Nehany honapja mar nektek papoltam egy hidrogenes
Erre az volt a valasz, hogy ez szep es jo, de:
De a hidrogen ez veszelyes es robbanekony es az egesz
vegul is lehetetlen, meg hasonlok!
Most szerdan az MTV1-en neztem a Pesty Fekete Dobozt,
amiben autokat es buszokat uzemeltetnek HIDROGENNELl!!!!!
Ugyhogy most utannanezek es ujra jovok!
GLOBALIZATION HITS HUNGARY WITH A WAVE OF CYANIDE
Here's a story of the global economy at its worst and maybe also at its best.
In early February a cry of alarm came over email from my friend Zoltan Lontay i
n Hungary. The Hungarian news had just announced an enormous fish kill in the
Szamos river on that country's eastern border. A wave of cyanide was moving do
wn the Szamos and into the Tisza, Hungary's second largest river. No one knew
what had happened, but there was talk of a mine, operated by an Australian comp
any, across the border in Romania -- a mine that uses cyanide.
Zoltan's message went out to a discussion list of over 100 friends all over the
world. Replies bounced back, a guess that it must be a gold mine using cyanid
e heap leach technology, reports of similar disasters in other parts of the wor
ld. Philip Sutton in Australia said he would find out which Australian mining
companies operate in Romania.
By February 8 Zoltan had more information. It was indeed a gold mine, of the m
odern sort that allows even very dilute deposits gold deposits to be extracted
from tons of rock economically. The rock is dug, crushed, and piled in heaps,
through which cyanide drips to leach out the gold. The tricky part is what the
n to do with the cyanide.
In Romania it was dumped into an above-ground pool held by an earth dam. Zolta
n wrote, "Though the poison in the pool was enough to kill a million people, th
e authorities neglected to keep it inspected. On January 30 the dam collapsed.
Within half a day cyanide concentrations in the Szamos reached 150-300 times
the safe level. Life in the river was exterminated, from fish to plankton.
"Several hundred thousand people live in the danger zone. No drinking, fishing
, water extraction from the river or from wells along the river is allowed. Th
e city of Szolnok on River Tisza is distributing bottled water, five liters per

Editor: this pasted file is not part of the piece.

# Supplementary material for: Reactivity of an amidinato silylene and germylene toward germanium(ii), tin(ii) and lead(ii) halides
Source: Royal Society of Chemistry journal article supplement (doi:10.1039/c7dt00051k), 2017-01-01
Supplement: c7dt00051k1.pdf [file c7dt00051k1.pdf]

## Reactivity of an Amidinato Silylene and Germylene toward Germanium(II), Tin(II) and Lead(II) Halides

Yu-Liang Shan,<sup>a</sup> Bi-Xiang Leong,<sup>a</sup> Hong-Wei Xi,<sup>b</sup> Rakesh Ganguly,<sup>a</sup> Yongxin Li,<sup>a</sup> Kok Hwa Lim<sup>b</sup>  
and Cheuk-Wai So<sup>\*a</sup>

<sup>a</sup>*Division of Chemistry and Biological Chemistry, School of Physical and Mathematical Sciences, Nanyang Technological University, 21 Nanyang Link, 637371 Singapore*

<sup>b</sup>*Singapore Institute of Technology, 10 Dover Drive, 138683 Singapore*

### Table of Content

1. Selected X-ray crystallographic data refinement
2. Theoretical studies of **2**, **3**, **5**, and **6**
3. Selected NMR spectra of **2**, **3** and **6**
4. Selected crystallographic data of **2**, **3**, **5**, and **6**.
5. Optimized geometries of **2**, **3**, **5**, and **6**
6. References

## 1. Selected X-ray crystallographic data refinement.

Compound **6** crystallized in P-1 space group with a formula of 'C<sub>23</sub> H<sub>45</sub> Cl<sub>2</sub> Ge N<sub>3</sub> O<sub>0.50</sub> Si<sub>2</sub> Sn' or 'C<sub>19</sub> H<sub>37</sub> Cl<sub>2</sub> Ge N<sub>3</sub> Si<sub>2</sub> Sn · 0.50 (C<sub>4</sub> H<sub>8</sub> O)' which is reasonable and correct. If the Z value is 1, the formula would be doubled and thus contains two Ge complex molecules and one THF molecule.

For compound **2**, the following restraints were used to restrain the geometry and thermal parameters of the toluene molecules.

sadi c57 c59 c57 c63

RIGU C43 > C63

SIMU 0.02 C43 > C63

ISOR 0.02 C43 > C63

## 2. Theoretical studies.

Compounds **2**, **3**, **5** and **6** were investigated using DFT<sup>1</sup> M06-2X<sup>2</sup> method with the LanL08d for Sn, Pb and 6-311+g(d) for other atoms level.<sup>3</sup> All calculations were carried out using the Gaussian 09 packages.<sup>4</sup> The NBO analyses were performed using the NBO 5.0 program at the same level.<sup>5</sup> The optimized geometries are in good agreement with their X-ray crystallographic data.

family per day. Food industries and paper mills have shut down.
"For more than 24 hours the polluting company did not report the incident. Peo
ple in Romania learned about it only from the Hungarian media. A fine of $160
was imposed on the company for late reporting. Eight days after the spill a si
milar spill occurred in the same region, The Romanian authorities again did no
t warn Hungary, and they have not withdrawn the operating licenses of the minin
"Direct economic damage is several hundred million dollars. No one knows how l
ong cyanide in the mud will poison the river and neighboring wells and soils. I
t is shocking to see on television local people standing along the dead river a
nd mourning it."
The following day Philip Sutton passed on news from the Mineral Policy Institut
e, an Australian non-profit that keeps its eye on the mining industry. The off
ending company's name is Esmeralda. It did not post a bond against environment
al damage. The cyanide pond sat in the middle of a Romanian town, fifty yards
from an apartment block. The dam broke because rain and snow had filled the po
nd beyond capacity.
Geoff Evans, Director of the Mineral Policy Institute, said, "This adds to the
legacy of environmental disasters by Australian mining companies. Serious acci
dents like this are an inevitable and tragic consequence of using cyanide for g
The word "inevitable" leaped out at me. The favorite word of globalization ent
husiasts. Free trade, the global economy, it's all inevitable. Don't try to s
tand in the way of the train; your only choice is to get on and ride.
That "inevitability" claim stops both thought and action. Economics is not phy
sics, it doesn't operate by laws we can't revoke. An economy is a human invent
ion designed to serve human purposes. It is probably inevitable that there wil
l be spills from huge open pools of cyanide. It is not inevitable that compani
es from one country be allowed to mishandle deadly chemicals in another country
and spill them into a third country. Not inevitable, unless we believe it is
and do nothing to prevent it.
Free trade enthusiasts never define what this "inevitable" globalization actual
ly means to them. I gather that it means something like the freedom for anyone
to go anywhere and do anything that makes money without interference from the
locals. I don't suppose anyone actually wants a planetary pollution free-for-a
ll. But you can see why Hungarians -- and New Guineans and other people who ha
ve had to live with cyanide and other kinds of spills -- might come to believe
that, whatever is intended, what globalization really means is carelessness, un
accountability, greed and destruction.
Of course it was a global information system that allowed my group to pass alon
g news of this disaster way ahead of the media. The WTO protesters in Seattle
organized through the global Internet. Romanians learned about the poison on t
heir border through Hungarian media. Some aspects of globalization are not onl
y inevitable but desirable, and others are neither acceptable nor necessary. I
t isn't really hard to figure out which is which.
(Donella Meadows is an adjunct professor at Dartmouth College and director of t
he Sustainability Institute in Hartland, Vermont.)